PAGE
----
Atoms 101

Atoms 101: A Guide to The Elements

Who Discovered Atoms?

Ancient Greek philosophers were the original scientists, asking pivotal questions like, "what's it all about, eh?"

Without a whiff of technology at his disposal, Leucippus came to the conclusion that all matter is composed of tiny bits. He named them atomos; Greek for indivisible.

This was a great starter hypothesis, although we now know the name is a total misnomer. Modern science brought us to the more robust conclusion that atoms are indeed divisible. What's more, all kinds of quantum quirks lurk within.

What Do Atoms Look Like?

Although it's only a symbolic representation, Niels Bohr devised a way of conceptualising atoms that's so useful it's still taught in school today. His conceptual model offers three basic components to help us understand how atoms work.

The mass of an atom comes mostly from a cluster of protons and neutrons at the centre. This is orbited by much smaller electrons that balance the overall charge.

Here's an example of how Bohr conceptualised helium (He):

Helium Atom Illustration

  • Protons in the nucleus carry a positive charge (+1)
  • Neutrons in the nucleus carry a neutral charge (0)
  • Electrons in the orbitals carry a negative charge (-1)

The number of protons, neutrons, and electrons of an atom determines its element, which is why we pay due attention to the atomic number (proton count) and the atomic mass (protons plus neutrons).

Atomic Element Diagram

With just two protons, helium is one of the lightest elements in the universe. Contrast this with heavy elements, such as uranium (U) which has 92 protons. We visualise the elements in the iconic periodic table, which also reveals their common properties.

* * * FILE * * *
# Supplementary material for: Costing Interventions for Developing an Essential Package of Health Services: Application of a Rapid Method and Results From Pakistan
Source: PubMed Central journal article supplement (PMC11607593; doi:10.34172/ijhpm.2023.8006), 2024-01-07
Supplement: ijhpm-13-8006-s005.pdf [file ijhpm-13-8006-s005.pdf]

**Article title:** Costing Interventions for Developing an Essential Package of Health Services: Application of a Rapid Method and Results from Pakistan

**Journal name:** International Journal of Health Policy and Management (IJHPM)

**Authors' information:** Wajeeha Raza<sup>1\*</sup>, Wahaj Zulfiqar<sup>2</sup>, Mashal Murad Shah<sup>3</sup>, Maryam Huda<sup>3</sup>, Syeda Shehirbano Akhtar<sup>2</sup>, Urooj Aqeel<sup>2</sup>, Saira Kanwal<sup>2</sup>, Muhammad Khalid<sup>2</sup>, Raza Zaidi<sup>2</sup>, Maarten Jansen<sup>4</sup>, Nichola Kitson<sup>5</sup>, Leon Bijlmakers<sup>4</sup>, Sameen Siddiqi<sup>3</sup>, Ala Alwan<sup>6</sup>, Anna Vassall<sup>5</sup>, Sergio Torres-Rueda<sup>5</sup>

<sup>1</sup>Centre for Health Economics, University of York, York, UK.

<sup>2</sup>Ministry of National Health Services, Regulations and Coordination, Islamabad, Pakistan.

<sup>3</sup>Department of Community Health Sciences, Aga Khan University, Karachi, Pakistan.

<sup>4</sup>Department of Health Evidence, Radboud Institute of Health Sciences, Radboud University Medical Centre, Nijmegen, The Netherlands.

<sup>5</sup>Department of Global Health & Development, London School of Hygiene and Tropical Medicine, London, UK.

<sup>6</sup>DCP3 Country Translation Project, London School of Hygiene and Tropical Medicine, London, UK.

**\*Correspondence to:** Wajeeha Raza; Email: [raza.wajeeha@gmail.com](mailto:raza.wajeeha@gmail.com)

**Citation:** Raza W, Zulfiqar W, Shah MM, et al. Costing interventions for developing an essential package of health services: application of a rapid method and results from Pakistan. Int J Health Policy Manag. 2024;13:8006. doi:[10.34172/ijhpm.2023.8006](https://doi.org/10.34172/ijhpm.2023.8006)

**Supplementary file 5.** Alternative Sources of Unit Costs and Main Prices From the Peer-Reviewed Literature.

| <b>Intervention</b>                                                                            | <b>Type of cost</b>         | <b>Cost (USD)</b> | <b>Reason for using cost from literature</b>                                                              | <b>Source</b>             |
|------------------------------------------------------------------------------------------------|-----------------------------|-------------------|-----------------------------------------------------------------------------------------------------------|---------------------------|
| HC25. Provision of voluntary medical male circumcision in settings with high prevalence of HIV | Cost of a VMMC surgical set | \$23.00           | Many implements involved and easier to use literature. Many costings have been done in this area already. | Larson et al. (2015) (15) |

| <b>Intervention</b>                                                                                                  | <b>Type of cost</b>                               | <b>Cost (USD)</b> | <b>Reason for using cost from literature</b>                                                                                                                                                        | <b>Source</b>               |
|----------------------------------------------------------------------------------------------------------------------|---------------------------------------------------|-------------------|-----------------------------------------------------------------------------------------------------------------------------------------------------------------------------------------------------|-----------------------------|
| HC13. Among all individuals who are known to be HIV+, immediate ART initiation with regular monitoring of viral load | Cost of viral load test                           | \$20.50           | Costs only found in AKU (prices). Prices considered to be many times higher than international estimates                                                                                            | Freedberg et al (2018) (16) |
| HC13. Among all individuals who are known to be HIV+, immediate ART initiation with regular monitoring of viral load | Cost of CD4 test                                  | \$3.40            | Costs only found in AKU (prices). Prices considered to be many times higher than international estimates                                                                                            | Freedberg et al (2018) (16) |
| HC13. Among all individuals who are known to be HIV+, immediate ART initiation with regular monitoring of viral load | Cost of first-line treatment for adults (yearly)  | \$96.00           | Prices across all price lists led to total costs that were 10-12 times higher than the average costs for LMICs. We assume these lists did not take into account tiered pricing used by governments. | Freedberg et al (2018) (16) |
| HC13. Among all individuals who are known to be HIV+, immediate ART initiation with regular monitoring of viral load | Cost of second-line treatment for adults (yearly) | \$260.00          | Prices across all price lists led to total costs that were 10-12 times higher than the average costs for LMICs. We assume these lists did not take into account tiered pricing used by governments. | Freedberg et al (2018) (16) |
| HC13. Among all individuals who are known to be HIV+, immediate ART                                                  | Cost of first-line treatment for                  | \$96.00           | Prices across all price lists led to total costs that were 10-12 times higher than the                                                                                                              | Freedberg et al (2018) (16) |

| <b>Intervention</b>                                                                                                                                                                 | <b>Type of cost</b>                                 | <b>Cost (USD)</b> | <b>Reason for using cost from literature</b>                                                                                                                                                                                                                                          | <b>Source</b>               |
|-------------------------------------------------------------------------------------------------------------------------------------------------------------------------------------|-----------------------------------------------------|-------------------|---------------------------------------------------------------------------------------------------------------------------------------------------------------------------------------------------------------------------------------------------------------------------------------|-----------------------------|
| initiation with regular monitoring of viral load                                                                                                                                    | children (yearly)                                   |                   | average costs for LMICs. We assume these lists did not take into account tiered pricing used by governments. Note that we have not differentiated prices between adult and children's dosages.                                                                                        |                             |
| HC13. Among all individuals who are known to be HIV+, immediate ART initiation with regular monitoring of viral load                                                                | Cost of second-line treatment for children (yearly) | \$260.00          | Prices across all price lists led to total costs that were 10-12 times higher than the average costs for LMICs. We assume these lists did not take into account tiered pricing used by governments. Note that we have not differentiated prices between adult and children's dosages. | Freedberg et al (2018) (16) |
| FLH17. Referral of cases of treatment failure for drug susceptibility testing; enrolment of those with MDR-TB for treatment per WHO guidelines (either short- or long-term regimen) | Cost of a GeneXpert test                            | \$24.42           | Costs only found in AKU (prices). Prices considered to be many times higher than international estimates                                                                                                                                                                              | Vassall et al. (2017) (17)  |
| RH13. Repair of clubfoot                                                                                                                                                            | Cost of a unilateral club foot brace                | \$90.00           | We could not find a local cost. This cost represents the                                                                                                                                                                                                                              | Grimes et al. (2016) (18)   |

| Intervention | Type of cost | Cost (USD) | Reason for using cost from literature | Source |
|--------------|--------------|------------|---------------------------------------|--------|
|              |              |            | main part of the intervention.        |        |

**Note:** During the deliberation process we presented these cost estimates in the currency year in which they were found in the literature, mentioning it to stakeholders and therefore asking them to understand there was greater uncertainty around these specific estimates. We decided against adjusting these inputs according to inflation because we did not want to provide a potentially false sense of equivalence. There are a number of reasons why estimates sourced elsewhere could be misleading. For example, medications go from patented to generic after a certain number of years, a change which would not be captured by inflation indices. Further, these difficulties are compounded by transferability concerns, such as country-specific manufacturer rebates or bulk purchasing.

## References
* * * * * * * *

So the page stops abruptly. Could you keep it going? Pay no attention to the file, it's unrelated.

Periodic Table of Elements

The Periodic Table of Elements

The heaviest element in nature is uranium. Physicists have created a further 24 man-made elements in nuclear reactors and particle accelerators. Many are named after famous scientists, such as rutherfordium (Rf) and einsteinium (Es). However, elements with more than 99 protons have no use outside of scientific research, having extremely short half-lives and breaking down rapidly.

Now let's take a closer look at those zappy little electrons.

What Are Electrons?

Electrons are tiny subatomic particles that carry a negative charge. They act as the primary carrier of electricity in solids.

Electrons move around in their energy shells, playing a crucial role in determining how atoms react chemically to one another.

While the innermost energy shell (orbit) can hold up to two electrons, the second shell can hold up to eight. The third shell holds up to 18.

There's a general formula to this: any given shell (n) can hold up to 2(n2) electrons.

Although they're miniscule by comparison, each electron still holds an equal and opposite charge to one proton. So when an atom contains the same number of protons and electrons, it's electrically neutral—or stable.

How Do Atoms Bond?

Bonds allow atoms to join together and form molecules. Bond can occur between atoms of the same or different elements to form molecules.

For instance, two oxygen atoms bonded together produces a molecule of oxygen, or O2, which is very handy for all animal life on Earth. Atoms are social creatures and bond whenever the opportunity arises. Let's look at two types of bonds now.